Educational Attainment and Tobacco Harm Knowledge Among American Adults: Diminished Returns of African Americans and Hispanics

Document Type: Original Article

Authors

Department of Family Medicine, Charles R Drew University of Medicine and Science, Los Angeles, CA

Abstract

Abstract
Background and aims: Minorities’ Diminished Returns (MDRs) refer to the smaller effects of
educational attainment for ethnic minorities compared to the majority group. As a result of MDRs,
research has documented more than expected tobacco use among Hispanics and African Americans
(AAs) with high educational attainment. In theory, some of this increased risk may be due to lower
tobacco harm knowledge. Accordingly, the present study compared ethnic groups for the association
between educational attainment and tobacco harm knowledge among American adults in order to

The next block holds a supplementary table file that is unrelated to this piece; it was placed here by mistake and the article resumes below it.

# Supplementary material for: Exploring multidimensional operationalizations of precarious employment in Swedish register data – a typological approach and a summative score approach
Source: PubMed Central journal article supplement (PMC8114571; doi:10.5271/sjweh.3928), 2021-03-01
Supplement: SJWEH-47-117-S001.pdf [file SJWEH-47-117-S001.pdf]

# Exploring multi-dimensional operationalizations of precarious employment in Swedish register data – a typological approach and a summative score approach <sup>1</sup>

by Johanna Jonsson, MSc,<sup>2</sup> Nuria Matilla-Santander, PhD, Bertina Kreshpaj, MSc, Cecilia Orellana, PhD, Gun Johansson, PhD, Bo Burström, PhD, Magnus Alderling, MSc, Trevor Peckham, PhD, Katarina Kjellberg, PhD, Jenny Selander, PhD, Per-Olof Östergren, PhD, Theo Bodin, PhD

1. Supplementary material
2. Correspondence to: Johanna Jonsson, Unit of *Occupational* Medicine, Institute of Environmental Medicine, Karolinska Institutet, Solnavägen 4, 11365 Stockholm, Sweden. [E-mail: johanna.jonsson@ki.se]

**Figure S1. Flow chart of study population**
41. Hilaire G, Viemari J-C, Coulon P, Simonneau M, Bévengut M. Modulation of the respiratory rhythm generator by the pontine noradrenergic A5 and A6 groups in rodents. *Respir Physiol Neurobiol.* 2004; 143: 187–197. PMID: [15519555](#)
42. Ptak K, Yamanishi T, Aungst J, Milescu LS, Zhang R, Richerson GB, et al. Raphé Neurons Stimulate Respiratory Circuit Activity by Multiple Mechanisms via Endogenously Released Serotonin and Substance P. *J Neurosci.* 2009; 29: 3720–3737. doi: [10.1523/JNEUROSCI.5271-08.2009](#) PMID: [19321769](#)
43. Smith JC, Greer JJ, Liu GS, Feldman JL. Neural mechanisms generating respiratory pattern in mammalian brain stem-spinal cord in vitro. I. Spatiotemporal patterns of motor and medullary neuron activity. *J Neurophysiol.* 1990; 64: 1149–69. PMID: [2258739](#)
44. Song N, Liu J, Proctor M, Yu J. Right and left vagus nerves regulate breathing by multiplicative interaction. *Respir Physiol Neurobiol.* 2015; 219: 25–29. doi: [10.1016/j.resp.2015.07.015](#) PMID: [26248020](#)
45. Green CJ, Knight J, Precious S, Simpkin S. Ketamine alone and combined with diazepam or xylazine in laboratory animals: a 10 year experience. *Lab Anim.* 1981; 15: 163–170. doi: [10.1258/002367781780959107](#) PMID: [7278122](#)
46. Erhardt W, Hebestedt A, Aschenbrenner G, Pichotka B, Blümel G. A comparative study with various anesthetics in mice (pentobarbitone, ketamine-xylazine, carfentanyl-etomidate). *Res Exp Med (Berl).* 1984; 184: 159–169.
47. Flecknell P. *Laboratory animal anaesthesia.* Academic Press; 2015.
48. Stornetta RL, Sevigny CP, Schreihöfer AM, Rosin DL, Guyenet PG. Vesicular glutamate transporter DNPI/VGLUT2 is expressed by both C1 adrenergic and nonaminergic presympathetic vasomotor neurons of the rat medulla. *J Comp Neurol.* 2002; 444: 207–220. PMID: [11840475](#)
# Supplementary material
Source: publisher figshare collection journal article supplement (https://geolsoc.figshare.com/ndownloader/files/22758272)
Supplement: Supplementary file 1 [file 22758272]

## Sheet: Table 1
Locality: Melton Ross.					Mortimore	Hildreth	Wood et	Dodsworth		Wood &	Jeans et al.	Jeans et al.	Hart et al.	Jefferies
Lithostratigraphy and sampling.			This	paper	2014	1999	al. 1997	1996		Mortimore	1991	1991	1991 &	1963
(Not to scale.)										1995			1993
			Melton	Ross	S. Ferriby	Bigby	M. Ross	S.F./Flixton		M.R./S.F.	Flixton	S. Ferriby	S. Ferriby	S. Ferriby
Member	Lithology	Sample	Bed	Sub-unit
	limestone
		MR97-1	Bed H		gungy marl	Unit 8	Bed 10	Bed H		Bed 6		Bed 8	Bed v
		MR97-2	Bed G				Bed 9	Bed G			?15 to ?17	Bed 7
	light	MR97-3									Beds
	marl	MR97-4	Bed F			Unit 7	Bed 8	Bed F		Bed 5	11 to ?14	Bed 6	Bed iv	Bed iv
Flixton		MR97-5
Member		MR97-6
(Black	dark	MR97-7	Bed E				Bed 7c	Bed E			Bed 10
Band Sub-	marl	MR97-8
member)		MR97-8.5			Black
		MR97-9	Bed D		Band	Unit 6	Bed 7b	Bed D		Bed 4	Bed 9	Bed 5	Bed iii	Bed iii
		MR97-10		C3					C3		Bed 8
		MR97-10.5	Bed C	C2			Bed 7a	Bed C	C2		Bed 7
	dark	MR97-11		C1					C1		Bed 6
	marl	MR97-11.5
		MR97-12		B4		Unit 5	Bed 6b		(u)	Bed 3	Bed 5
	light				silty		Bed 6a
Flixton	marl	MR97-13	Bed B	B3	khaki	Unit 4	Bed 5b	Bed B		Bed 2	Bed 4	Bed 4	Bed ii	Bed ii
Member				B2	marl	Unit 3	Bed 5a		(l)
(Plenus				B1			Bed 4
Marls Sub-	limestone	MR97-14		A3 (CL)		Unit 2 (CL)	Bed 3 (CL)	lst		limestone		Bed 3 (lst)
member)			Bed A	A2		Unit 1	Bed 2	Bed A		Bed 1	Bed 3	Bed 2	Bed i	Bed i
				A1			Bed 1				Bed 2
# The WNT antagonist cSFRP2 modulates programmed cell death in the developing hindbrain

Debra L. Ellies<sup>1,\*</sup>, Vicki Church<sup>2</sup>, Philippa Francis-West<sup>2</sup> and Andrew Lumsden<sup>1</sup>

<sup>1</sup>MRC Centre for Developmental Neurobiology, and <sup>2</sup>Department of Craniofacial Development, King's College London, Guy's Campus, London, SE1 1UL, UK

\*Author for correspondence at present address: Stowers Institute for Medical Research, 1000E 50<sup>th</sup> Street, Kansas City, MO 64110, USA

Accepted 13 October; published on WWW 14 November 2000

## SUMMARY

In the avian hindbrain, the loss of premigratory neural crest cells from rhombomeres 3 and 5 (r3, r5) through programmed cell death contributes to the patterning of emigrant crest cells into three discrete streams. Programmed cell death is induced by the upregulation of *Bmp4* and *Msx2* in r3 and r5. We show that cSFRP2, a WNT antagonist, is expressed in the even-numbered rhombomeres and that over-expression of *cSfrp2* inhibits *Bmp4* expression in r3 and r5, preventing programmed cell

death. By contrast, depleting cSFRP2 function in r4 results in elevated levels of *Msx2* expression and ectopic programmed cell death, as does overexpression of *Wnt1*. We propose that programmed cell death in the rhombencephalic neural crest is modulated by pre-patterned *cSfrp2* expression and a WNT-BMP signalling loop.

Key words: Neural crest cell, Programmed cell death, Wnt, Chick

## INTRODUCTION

better understand a potential mechanism behind MDRs of educational attainment on tobacco use of
Hispanics and AAs.
Methods: The current cross-sectional study used baseline data of 27,405 adults, which were obtained
from the Population Assessment of Tobacco and Health (2013) study a nationally representative survey
in the United States. The independent and dependent variables were educational attainment and
tobacco harm knowledge, respectively. In addition, age, gender, employment, and poverty status were
the covariates and ethnicity was the moderator. Finally, linear regression was used to analyze the data.
Results: Educational attainment was inversely associated with tobacco harm knowledge in the pooled
sample (b = 0.11, 95% CI = 0.09 - 0.13). Ethnicity showed a statistically significant interaction with
educational attainment (b = -0.05, 95% CI = -0.10 - 0.00 for AAs and b = -0.14, 95% CI = -0.19 - -0.09
for Hispanics versus non-Hispanics), suggesting that the effect of educational attainment on tobacco
harm knowledge was smaller for Hispanics and AAs compared to non-Hispanics and Whites.
Conclusion: In general, although high educational attainment increases tobacco harm knowledge,
highly educated Hispanics and AAs still report a disproportionately low level of tobacco harm
knowledge. Eventually, the MDRs of educational attainment on tobacco harm knowledge may explain
why highly educated Hispanics remain at high risk of tobacco use.

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